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PMMA prices roll over in August in Europe due to low demand countering upward pressure from rising energy costs.

As sellers fail to secure increases amid rising costs, producers’ margins suffer once again.

After the abrupt fall in demand for protective sheets since the pandemic and a struggling automotive sector, PMMA demand has struggled to recover.

With the summer slowdown, buyers are waiting to see how the market will pick up in September, further weakening demand.

At the same time, soaring gas prices increased the pressure to push for increases.

But buyers resisted increases. The rollover in August follows consecutive rollovers since the jump in April.

monthly price changes

Polymethyl methacrylate (PMMA) prices have not followed many other polymers which have surged during the pandemic.

Therefore the latest increases in energy costs have been more painful for domestic PMMA producers. Most have been forced to heavily reduce operating rates,

Meanwhile, because of the energy crisis, Europe continues to lose competitiveness against other regions.

In fact, Asian PMMA prices remain competitive and the arbitrage to Europe open.

While August is a slow month due to the summer slowdown in Europe, part of the weak demand is also to do with a general slowdown in economic activity fuelled by the war in the Ukraine.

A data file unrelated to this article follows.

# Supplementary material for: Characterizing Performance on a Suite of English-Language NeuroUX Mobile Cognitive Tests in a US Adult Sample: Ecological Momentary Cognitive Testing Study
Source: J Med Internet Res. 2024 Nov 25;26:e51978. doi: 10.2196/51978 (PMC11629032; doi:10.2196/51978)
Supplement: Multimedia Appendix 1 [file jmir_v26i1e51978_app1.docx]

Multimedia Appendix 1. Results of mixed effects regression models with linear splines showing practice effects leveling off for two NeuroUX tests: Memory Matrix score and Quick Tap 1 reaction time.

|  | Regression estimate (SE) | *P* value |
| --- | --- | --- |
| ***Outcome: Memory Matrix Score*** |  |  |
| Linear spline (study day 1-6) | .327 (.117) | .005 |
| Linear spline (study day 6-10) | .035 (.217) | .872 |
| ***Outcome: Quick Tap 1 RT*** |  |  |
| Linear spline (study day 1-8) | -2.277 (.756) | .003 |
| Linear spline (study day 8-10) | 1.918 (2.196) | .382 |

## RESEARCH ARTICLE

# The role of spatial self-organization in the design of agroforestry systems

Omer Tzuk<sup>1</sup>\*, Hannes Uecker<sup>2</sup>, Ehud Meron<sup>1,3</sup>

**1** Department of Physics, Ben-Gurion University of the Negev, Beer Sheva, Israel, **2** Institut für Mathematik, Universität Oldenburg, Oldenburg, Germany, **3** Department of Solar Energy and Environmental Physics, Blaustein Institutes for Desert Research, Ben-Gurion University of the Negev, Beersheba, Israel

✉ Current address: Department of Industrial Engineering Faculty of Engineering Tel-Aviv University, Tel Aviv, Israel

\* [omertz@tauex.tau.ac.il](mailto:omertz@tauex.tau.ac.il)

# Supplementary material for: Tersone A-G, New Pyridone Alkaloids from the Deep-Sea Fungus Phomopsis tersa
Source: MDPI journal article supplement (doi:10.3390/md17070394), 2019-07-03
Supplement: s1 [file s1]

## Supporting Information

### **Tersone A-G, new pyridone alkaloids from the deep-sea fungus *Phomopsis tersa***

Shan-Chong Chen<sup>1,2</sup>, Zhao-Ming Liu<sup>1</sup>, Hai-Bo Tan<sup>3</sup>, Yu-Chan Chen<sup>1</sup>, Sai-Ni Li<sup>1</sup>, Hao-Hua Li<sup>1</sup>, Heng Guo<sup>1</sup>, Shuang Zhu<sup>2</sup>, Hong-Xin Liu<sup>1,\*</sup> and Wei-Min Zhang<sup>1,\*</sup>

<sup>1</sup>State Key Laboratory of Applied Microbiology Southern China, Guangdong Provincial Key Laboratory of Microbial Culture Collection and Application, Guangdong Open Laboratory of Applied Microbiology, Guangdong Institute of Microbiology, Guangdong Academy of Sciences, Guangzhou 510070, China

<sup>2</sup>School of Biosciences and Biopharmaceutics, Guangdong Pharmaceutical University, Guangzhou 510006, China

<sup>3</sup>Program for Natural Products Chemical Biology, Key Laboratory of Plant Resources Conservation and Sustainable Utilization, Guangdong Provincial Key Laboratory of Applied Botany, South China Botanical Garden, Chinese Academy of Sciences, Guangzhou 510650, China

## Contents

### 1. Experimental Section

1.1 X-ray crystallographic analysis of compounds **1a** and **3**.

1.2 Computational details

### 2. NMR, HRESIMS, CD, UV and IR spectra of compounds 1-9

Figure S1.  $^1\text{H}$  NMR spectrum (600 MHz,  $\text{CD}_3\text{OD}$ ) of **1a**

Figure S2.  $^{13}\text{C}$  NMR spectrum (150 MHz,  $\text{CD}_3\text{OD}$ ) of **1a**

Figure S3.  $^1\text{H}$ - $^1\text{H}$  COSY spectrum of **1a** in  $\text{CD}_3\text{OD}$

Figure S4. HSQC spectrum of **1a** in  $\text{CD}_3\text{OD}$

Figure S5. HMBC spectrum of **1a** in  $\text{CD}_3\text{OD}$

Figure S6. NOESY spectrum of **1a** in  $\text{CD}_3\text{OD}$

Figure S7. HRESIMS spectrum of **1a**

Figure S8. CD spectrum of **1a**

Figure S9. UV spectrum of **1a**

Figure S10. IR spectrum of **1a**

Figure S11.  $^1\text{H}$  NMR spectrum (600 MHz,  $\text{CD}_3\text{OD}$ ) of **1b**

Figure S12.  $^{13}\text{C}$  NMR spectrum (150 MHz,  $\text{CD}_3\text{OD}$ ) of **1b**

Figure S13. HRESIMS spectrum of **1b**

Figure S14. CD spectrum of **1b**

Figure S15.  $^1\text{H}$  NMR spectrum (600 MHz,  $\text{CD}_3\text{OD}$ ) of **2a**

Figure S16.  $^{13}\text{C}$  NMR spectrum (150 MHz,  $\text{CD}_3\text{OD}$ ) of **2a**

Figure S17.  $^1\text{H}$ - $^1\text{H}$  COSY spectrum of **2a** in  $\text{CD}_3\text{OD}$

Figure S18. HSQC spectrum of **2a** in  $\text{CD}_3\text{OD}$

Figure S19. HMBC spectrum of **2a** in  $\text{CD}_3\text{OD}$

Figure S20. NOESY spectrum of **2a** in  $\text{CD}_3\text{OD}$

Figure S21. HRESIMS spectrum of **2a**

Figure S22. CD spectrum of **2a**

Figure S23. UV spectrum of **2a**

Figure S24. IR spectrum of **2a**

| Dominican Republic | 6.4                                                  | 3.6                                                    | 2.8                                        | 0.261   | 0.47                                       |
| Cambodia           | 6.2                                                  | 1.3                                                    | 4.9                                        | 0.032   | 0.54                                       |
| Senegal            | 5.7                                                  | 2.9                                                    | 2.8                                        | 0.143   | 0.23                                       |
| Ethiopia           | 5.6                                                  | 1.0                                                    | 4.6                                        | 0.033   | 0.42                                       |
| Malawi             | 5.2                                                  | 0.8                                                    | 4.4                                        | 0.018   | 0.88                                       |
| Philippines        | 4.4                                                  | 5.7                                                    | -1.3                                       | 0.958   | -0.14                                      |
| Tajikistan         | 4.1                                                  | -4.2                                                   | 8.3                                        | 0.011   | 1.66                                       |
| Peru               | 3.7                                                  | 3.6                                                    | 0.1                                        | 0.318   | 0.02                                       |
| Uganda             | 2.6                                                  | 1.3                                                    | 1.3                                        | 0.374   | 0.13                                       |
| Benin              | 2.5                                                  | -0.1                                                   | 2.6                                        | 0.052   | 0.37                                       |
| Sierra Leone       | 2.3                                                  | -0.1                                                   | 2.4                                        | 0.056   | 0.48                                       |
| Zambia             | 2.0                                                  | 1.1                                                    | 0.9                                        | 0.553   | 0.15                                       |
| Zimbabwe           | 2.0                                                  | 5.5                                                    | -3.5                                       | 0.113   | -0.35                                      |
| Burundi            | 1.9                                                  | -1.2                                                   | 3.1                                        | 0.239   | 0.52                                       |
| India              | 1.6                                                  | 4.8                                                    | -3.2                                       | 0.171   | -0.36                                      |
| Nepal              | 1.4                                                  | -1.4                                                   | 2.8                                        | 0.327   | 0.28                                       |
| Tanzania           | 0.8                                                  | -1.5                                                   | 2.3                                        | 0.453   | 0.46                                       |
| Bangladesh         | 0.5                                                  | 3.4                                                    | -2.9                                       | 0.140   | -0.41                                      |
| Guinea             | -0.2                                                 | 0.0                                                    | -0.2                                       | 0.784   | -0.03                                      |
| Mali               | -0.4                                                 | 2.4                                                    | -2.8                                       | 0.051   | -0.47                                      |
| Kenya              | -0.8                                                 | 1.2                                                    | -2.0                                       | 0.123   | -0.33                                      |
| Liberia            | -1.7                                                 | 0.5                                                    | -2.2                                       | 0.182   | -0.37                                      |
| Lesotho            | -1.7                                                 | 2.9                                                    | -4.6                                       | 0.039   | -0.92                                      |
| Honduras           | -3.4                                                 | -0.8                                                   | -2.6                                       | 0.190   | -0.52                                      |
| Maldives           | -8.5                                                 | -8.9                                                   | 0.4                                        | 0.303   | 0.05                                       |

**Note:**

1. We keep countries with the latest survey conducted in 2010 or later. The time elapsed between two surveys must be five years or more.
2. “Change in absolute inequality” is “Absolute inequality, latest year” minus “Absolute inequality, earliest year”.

The outlook for the rest of the year is gloomy as players will see rising energy costs but a potential collapse in demand.


EU consumer confidence reaches the lowest ever recorded level in July, according to the latest data from the European Commission.

The new numbers show a decrease of 3 percentage points for the EU and 3.2 percentage points for the Euro Area.

The new levels surpass the lowest point reached during the beginning of the pandemic, raising fears of a major economic contraction.

The polymer industry has been feeling a considerable pressure on demand which is to do with a multitude of reasons.

But this latest reading reinforces the view that consumer jitters over inflation, war, and a looming energy crisis are additional major factors slowing down demand for polymers.

rear car lights

PMMA prices failed to increase in July in Europe due to higher energy prices countering downward pressure from low demand.

With energy costs soaring, polymethyl methacrylate (PMMA) European producers continue to struggle to defend margins.

A weak demand for months has prevented producers from passing on the energy cost increases on to their customers.

While crude oil prices decreased, with the brent benchamark down to $100/bbl, gas prices were still around €160/MWh. This compares to a long term average of just under €60/MWh.

After the spike in April, PMMA prices have rolled over since, a trend that is expected to last until the end of the summer.

PMMA prices failed to increase and for injection moulding grade remained above €3,000/mt.